More and more the UK is in the catbird seat on Brexit negotiations with the EU

On a week when London railroads launched the first direct cargo transport to China along the projected Silk Road transit, it is appearing more and more that the UK will not lose too much when they complete negotiations and officially exit from the European Union.

However, an interesting report out on April 12 from Standard & Poor’s shows that perhaps it is the EU itself, rather than the UK, who has much more to lose if they attempt to make negotiations difficult for Britain’s departure.  This is because the ratings agency suggests that if the UK refuses to pay the demanded €60 billion exit fee, then the EU may immediately experience a credit downgrade.

The European Union's credit rating could be downgraded if the UK refuses to pay the €60 billion obligation in the course of implementing the country's exit from the bloc, warns Standard & Poor's.

“The EU ratings could come under pressure in an adverse scenario. This is because our ratings on the EU are to a certain extent predicated on our expectation that the UK would honor its share of financial obligations to the EU,” S&P said in a report seen by the Telegraph.

EU officials are not only demanding Britain pay €60 billion as it quits the bloc but insist a settlement of the issue should be reached before any other stages of Brexit negotiations can start.

The so-called divorce bill is aimed at covering the costs of significant pension contributions and financial liabilities, according to Brussels. – Russia Today

Britain’s GDP accounts for 22% of the European Union’s total annual production, and is second only to Germany on the hierarchy of economies.  But what makes it even more dire for the EU is that most of Britain’s debt is denominated in Pound Sterling rather than the Euro, and this means that when the UK’s GDP is no longer part of the EU’s total, their debt to GDP ratio will skyrocket.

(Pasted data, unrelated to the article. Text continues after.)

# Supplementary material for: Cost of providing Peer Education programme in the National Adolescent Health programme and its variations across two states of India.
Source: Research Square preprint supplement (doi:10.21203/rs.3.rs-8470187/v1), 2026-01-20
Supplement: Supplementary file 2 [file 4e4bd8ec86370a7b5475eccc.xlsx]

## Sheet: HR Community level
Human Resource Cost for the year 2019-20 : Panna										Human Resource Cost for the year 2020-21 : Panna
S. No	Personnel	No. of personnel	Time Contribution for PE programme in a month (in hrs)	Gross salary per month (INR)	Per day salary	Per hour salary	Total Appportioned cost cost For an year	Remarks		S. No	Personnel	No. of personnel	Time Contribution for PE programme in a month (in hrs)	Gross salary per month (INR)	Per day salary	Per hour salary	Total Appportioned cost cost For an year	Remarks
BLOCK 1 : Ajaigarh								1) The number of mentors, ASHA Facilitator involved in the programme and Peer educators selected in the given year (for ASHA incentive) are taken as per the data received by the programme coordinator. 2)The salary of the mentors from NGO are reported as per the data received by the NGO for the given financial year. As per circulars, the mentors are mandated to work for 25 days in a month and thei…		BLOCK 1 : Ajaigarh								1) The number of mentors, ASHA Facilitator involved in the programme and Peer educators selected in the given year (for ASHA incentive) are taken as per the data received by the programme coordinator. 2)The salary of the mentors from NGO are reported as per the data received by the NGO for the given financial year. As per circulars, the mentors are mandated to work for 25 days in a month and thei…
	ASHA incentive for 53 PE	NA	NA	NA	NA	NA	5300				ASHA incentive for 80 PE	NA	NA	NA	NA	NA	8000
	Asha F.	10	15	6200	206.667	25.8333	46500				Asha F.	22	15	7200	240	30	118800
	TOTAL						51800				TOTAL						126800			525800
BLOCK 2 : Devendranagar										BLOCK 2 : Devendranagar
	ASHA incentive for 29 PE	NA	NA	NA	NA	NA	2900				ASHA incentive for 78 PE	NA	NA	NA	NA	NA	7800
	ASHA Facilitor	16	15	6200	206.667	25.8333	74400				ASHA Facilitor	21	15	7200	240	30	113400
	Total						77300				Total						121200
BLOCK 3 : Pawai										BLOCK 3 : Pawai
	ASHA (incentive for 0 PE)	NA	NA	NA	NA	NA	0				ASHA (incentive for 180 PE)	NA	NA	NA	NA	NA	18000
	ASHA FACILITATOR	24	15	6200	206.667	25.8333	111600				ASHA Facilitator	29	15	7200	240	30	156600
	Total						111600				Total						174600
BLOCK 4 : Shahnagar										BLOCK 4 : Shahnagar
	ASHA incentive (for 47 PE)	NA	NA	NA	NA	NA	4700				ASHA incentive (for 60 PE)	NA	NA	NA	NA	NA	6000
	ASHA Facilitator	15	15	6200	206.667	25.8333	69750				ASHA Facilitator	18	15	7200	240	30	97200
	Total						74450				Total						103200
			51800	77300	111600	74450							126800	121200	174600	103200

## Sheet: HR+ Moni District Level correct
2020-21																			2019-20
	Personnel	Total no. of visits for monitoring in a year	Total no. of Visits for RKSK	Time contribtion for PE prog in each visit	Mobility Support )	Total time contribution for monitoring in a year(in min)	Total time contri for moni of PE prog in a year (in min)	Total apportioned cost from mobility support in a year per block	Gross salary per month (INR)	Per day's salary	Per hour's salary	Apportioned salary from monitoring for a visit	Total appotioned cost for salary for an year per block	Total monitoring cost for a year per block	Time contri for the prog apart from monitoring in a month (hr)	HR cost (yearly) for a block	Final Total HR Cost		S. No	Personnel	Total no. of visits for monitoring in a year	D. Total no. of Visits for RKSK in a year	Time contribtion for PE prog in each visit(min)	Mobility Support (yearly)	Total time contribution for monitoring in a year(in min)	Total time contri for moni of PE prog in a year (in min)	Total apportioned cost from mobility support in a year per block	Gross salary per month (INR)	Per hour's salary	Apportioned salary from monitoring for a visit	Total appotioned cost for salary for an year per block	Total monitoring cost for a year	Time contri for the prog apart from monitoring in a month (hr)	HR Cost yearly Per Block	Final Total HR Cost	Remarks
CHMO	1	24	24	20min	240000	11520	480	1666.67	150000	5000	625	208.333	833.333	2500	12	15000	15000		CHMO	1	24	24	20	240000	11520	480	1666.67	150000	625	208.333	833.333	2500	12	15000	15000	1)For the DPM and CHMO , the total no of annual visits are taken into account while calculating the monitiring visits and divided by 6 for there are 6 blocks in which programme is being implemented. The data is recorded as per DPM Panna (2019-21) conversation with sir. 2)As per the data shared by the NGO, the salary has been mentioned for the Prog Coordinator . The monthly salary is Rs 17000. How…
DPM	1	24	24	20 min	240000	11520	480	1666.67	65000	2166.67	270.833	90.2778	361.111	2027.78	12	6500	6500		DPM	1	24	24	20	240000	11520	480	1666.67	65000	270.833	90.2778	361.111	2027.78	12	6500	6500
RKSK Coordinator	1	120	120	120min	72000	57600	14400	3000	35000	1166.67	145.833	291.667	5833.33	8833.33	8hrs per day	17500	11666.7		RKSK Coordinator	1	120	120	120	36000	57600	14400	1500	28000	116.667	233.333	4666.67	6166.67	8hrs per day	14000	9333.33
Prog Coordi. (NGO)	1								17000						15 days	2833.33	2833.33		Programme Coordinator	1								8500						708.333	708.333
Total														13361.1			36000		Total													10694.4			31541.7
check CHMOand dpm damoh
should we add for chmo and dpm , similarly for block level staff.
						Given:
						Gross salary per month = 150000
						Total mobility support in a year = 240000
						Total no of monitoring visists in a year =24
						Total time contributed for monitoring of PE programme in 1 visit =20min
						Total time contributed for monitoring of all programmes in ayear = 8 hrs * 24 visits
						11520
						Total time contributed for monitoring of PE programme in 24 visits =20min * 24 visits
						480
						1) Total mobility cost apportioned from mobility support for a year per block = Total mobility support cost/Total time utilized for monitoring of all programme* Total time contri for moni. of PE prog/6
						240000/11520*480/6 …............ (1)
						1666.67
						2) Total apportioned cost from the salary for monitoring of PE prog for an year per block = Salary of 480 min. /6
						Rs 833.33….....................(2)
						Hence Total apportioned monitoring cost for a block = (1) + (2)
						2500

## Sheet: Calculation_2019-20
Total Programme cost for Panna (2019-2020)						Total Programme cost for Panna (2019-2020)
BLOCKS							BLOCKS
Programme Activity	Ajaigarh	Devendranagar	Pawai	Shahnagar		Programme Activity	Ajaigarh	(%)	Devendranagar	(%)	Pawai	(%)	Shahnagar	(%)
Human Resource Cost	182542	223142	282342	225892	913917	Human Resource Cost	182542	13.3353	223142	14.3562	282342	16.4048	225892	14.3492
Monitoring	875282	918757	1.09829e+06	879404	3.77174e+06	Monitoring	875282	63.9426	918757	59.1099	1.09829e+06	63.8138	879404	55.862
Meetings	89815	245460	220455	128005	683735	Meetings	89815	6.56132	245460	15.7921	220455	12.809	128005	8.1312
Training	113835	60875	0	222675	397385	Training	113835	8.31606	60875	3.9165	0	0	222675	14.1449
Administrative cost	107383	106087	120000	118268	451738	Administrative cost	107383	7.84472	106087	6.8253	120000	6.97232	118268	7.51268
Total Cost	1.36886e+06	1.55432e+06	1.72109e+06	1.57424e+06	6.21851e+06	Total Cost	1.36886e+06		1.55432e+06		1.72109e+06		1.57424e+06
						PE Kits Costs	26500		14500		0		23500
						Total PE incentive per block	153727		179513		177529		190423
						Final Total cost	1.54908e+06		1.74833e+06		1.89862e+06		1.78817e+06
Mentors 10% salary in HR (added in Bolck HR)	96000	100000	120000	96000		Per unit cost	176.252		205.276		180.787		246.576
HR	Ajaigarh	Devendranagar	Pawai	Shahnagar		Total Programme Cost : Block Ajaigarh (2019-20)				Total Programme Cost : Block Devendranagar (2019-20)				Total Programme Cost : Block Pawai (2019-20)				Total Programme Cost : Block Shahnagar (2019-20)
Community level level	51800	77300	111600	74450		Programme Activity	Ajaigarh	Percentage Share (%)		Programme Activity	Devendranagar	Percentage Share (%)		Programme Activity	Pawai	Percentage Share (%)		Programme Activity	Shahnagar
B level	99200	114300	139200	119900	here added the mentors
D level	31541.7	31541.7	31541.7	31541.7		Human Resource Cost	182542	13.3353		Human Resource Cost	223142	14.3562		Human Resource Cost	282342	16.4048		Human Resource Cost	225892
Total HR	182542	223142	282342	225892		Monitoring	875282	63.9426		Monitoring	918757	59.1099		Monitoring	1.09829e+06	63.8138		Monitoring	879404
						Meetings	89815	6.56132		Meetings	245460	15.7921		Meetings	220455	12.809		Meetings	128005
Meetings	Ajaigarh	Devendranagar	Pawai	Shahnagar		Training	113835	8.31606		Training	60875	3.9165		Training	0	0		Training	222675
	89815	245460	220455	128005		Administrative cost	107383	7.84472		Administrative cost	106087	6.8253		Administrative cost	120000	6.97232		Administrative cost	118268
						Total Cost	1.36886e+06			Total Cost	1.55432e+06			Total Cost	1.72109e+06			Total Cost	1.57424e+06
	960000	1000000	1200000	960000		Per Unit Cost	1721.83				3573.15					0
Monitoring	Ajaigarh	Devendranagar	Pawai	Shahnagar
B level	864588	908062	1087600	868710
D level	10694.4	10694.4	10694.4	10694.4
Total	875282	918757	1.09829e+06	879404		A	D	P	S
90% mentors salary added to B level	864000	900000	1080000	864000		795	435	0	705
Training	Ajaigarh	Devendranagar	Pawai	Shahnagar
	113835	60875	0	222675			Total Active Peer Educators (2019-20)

Additionally, there is another monetary problem that is facing the EU that could completely blow up their financial system as well as their credit rating.  And that is, should Marine Le Pen win the upcoming French elections and succeed in bringing back the French currency to replace the Euro, then a very interesting event will take place…

The French could pay back most of their debt owed to banks and the EU in their new currency.

A little known fact about the majority (70%) of France’s debt is, it was borrowed before they entered into the EU, and thus is not beholden to the rules on debt outlined in the Maastricht Treaty.  Ie… since it was originally borrowed in Francs, it can be paid back in Franc’s rather than the Euro.  And Le Pen could simply print up enough devalued new currency and use it to pay off 70% of their total debt load owed to the EU and to EU banks.

Now imagine what that will do to Deutsche Bank who owns most of France’s debt?

In the end it is the EU, rather than the UK or any other member nation who has the most to lose in both the exit of multiple countries, or the complete breakup of the coalition.  And while the bureaucrats in Brussels can make things difficult for Britain for a little while should they simply ignore the EU’s request for a ‘divorce settlement’ of other indemnity, the reality is that the EU is the one who will suffer the most, and it could begin for them even at the very start of the Brexit negotiations.